June 15, 2011
Online defamation and reclaiming personal and professional reputation are hot-button issues these days. Numerous potential claims are available for use against the poster of an unlawful publication, such as defamation, unlawful publication of photographs, harassment, and trade libel. However, from the perspective of the individual who feels as though they have been victimized, it is the website itself that facilitated and caused the harm. In fact, it is the website itself that, more often than not, permits the unbridled dissemination of harmful content and then actually profits from the spiteful conduct.
What liability does the owner or operator of the website itself face? Much to the dismay of those who wish to pursue the website operator the answer is, more often than not, none.
Pursuant to section 230 of the Communications Decency Act (the “CDA”), website owners are shielded from claims that seek to treat them as the publisher or speaker of information provided by another information content provider. Specifically, the CDA, at 47 U.S.C. §230(c)(1), states that “no provider or user of an interactive computer service shall be treated as the publisher or speaker of any information provided by another information content provider.” The immunity is limited to providers or users of interactive computer services, and the claims must treat the services as having acted as the publisher or speaker of information provided by someone else.
However there are narrow exceptions to the broad immunity granted to website owners. For example, a website owner may lose CDA immunity if it ceases acting as a mere passive conduit and takes an active role in creating, screening, and/or editing the unlawful content. Despite the broad CDA immunity bestowed upon website operators, such protection also does not apply to intellectual property related claims, such as copyright, trademark, or patent infringement.
These narrow exceptions aside, website operators are not liable for the content posted by its users. In fact, numerous “consumer gripe sites” routinely refuse to comply with court orders that mandate the poster to remove unlawful content. These websites take the position that posters are intimidated into removing content and that the proper response is to merely post a reply. Ultimately, these website operators use the CDA and other legal precedents as a shield, arguing that they are not “information content providers,” have not aided or abetted a defendant, and that no rule requires them to remove content – and so they will not. Refusals such as these have resulted in a number of lawsuits. In short, even when a plaintiff that properly files a suit against a poster of unlawful speech and secures an injunction requiring the third-party poster to remove the defamatory statements, a website operator can refuse to remove the unlawful content. While most websites value their credibility and often remove defamatory or otherwise unlawful content, others do not.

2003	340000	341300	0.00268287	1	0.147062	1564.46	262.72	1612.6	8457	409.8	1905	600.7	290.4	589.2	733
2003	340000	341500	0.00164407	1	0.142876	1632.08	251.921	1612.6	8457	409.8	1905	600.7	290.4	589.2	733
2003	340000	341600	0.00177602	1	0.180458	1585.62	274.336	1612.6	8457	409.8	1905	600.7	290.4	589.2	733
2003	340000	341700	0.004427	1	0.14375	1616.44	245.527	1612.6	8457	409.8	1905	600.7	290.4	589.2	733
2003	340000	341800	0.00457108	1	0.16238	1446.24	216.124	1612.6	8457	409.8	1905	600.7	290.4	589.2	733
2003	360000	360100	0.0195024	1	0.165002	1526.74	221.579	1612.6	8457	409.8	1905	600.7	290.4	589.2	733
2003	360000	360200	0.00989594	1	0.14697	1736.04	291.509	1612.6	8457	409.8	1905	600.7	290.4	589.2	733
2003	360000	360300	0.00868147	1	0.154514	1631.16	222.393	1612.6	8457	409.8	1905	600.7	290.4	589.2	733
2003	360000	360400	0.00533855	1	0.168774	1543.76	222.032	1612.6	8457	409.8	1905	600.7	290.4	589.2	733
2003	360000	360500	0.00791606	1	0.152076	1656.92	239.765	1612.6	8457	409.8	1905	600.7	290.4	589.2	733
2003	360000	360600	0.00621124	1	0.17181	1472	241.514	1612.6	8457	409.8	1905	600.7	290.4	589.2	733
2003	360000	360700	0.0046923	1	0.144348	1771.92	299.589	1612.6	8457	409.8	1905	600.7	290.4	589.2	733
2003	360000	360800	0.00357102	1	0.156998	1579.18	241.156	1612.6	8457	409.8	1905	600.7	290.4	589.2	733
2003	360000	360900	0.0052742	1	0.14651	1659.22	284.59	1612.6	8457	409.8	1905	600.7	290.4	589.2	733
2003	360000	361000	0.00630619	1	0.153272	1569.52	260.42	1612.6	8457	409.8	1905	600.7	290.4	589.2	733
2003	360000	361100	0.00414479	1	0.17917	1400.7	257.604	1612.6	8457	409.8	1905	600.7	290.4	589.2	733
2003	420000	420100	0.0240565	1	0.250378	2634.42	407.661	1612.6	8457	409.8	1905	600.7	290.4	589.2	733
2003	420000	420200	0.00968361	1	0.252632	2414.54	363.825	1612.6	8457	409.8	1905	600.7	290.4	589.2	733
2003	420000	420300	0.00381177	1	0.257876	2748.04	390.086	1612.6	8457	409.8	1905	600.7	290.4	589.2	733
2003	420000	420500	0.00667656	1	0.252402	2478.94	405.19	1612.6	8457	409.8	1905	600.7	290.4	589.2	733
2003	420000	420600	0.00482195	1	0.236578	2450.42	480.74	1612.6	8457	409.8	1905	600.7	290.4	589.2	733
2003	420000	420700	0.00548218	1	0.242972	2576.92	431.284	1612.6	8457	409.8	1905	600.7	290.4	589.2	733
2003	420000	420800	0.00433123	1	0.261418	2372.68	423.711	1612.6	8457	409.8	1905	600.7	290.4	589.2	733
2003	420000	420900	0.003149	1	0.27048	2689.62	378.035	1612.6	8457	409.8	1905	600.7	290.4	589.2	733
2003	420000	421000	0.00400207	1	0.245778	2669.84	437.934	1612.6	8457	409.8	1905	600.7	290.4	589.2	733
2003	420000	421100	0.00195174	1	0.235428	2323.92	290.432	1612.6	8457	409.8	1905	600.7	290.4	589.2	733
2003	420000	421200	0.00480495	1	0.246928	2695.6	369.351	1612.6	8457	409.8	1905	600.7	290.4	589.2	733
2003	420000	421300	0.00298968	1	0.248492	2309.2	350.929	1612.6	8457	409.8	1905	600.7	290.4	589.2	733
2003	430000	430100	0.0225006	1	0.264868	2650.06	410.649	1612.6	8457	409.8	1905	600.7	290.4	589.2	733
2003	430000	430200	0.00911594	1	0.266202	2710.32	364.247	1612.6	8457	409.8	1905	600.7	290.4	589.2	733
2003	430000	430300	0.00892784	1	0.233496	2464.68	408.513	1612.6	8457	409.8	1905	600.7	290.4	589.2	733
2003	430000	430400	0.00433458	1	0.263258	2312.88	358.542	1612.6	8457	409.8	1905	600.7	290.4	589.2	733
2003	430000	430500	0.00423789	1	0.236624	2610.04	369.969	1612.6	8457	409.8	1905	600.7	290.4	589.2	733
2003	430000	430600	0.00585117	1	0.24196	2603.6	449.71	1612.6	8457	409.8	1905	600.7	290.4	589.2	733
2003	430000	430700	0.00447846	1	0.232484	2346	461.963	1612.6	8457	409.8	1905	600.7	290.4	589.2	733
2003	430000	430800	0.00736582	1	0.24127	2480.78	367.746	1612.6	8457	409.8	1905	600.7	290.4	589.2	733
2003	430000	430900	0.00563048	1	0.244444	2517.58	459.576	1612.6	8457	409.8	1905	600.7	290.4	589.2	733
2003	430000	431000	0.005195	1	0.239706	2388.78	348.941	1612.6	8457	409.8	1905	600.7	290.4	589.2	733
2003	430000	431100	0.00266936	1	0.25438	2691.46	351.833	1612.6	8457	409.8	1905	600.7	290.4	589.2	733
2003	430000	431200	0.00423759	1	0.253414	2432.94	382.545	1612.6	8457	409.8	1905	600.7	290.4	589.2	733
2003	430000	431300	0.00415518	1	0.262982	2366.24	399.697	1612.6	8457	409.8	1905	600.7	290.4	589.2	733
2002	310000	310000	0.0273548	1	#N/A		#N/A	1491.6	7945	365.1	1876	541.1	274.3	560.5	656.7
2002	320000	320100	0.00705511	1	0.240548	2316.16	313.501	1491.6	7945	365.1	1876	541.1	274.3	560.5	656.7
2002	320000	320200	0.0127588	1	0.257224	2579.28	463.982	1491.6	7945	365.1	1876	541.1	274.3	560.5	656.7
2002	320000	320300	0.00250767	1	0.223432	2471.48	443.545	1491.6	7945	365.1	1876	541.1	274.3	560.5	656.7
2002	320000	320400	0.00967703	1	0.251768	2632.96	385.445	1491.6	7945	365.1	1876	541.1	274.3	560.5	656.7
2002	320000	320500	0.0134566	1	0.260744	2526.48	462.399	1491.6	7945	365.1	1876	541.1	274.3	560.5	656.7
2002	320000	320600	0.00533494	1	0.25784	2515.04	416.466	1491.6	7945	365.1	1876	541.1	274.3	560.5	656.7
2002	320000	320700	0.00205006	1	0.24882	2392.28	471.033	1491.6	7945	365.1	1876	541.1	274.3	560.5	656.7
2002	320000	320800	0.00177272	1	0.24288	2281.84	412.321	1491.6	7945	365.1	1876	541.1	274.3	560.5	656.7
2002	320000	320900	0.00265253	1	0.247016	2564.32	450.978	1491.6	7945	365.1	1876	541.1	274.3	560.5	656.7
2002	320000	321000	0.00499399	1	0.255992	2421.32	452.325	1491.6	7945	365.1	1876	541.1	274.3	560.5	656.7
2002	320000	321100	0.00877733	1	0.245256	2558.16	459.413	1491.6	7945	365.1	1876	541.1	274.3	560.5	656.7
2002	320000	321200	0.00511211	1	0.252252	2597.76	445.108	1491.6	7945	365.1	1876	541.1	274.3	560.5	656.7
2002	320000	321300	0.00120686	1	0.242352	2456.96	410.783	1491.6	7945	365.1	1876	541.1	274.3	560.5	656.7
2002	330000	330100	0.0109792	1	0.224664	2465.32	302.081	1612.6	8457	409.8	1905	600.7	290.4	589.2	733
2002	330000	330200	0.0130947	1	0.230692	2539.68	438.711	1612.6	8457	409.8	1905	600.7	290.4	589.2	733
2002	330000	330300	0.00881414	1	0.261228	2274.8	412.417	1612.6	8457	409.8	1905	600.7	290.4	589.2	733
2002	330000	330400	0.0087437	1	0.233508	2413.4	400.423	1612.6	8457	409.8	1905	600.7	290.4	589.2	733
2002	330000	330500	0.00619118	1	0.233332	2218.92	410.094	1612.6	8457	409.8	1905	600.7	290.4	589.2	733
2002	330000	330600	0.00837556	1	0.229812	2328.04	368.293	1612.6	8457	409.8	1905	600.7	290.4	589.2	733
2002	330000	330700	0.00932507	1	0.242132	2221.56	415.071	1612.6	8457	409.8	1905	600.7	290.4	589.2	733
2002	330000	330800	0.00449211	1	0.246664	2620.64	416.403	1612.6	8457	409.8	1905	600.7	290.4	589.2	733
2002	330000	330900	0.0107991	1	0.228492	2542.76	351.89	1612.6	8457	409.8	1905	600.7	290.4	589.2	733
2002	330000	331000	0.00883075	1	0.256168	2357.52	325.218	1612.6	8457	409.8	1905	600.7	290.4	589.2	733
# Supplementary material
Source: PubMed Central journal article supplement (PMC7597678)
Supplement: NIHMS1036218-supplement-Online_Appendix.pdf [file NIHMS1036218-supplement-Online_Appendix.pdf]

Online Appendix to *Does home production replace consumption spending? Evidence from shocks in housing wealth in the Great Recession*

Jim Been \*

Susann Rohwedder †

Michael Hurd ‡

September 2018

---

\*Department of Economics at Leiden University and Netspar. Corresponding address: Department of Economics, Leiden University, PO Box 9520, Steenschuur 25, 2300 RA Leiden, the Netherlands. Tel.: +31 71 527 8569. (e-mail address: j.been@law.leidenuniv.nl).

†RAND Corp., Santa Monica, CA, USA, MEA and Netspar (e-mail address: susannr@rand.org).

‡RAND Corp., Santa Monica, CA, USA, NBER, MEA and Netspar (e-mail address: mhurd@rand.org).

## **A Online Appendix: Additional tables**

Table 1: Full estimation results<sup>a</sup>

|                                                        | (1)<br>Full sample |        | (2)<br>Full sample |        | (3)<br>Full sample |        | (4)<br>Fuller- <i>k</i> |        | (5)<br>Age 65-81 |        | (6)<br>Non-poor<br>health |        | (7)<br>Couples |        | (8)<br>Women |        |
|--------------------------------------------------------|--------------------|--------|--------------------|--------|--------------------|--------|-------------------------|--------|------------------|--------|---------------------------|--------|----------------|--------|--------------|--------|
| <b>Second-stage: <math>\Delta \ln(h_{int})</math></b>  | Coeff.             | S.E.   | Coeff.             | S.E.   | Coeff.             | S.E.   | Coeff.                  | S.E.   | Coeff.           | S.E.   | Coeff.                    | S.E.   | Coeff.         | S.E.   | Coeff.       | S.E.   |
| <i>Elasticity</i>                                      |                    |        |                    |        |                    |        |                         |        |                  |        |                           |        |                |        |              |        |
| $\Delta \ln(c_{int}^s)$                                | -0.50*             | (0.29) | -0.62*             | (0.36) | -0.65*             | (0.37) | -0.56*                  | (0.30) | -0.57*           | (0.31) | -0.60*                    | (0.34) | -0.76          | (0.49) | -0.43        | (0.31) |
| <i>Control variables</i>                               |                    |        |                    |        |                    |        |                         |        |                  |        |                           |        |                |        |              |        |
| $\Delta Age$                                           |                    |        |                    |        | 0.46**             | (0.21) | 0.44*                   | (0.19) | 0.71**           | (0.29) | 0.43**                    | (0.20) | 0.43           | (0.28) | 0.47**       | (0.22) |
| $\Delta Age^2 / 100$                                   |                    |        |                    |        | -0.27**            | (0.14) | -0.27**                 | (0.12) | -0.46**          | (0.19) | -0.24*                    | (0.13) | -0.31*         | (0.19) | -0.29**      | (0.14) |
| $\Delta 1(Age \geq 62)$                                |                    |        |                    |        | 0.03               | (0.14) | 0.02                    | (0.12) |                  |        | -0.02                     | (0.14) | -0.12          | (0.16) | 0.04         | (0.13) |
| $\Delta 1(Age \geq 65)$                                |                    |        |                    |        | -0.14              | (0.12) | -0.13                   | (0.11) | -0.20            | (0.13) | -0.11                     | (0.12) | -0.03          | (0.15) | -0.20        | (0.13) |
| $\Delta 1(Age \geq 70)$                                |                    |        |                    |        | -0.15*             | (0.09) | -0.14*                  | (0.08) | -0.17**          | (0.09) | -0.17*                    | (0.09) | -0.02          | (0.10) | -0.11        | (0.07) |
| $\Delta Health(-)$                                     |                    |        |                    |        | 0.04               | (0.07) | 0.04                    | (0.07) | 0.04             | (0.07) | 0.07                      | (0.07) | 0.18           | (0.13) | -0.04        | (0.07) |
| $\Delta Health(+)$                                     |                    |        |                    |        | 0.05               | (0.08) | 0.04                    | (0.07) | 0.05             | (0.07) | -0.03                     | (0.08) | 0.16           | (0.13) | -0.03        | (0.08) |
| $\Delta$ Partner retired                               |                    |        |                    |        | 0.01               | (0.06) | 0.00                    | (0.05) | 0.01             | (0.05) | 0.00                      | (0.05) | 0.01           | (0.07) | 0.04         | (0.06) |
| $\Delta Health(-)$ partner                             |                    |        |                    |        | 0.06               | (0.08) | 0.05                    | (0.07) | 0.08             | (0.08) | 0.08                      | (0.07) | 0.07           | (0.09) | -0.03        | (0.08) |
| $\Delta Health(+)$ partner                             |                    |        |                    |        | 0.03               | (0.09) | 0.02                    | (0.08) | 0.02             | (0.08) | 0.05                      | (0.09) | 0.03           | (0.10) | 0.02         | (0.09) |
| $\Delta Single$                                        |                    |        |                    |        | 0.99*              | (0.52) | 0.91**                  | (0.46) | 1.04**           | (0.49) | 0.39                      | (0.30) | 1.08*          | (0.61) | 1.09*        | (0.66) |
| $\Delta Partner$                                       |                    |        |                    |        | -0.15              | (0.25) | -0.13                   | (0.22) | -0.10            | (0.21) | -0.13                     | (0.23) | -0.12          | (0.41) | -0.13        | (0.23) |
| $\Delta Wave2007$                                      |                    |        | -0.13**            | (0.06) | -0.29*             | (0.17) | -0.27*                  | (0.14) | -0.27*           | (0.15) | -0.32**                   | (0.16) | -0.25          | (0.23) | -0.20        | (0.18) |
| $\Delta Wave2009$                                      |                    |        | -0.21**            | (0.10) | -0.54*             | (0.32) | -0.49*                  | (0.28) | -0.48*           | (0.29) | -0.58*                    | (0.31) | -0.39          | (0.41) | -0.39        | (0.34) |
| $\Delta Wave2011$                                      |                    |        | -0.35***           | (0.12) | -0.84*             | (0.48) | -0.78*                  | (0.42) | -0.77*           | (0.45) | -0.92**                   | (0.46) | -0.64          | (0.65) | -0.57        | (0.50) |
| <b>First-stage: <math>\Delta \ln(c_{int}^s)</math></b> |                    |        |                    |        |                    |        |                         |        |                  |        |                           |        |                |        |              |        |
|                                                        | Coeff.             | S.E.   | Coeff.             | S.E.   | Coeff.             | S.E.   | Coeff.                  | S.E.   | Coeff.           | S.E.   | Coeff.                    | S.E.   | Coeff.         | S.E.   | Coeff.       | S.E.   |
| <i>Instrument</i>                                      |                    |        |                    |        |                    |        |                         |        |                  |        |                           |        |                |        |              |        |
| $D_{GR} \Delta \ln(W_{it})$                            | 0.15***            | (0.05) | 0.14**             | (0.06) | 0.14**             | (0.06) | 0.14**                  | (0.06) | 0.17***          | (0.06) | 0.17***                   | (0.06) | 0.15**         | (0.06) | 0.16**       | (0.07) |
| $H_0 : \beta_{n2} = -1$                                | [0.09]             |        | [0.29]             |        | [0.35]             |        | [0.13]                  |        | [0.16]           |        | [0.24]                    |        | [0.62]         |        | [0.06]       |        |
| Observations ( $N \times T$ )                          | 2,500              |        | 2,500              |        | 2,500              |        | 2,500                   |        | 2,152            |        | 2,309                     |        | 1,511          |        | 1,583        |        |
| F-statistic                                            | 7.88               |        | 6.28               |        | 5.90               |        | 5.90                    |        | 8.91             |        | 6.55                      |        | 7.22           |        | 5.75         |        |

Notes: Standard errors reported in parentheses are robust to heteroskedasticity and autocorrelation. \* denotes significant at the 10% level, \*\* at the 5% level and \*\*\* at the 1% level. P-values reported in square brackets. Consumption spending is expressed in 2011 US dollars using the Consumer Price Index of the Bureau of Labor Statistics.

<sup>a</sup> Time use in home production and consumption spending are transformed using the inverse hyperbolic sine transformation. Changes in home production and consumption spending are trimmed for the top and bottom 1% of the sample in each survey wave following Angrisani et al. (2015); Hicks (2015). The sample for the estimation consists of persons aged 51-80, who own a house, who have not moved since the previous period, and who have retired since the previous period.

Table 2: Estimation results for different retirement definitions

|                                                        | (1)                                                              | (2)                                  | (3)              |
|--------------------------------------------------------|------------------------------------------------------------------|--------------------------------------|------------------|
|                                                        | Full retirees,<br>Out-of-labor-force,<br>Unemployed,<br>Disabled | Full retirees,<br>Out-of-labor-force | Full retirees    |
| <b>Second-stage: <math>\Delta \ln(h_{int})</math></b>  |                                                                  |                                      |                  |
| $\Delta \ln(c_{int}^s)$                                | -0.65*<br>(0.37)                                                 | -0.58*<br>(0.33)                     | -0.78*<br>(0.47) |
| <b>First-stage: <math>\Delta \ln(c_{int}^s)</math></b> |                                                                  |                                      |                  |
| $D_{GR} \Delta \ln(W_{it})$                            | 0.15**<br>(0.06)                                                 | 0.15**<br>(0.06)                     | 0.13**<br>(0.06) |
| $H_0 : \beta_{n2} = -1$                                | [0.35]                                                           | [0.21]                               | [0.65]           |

Recently, courts analyzing progressive issues surrounding Internet defamation and online commerce have started to show some signs of splitting on key procedural issues under the CDA. Some Internet defamation lawyers take the position that Section 230, 47 U.S.C. §230, is one of the most important tools interactive services have at their disposal to shield against lawsuits involving content posted on their websites. They believe that the CDA was designed to facilitate the free flow of information online, by alleviating service providers’ liability concerns about large volumes of user-generated content, which they may lack the means or interest to screen and edit. Could disagreement among federal appellate courts about how closely they should be examining interactive services’ business practices and website design features signal a step backward in terms of legal protections for online intermediaries? Could it create disincentive for companies to make their websites more useful, and ultimately hamper innovation?
Courts are clearly beginning to pay attention to how a website is structured. So, while there are splits among the courts regarding how claims against intermediaries are treated, website operators are well advised to develop products to the lowest threshold.
Richard B. Newman is an Internet Defamation Attorney at Hinch Newman LLP. He can be contacted at firstname.lastname@example.org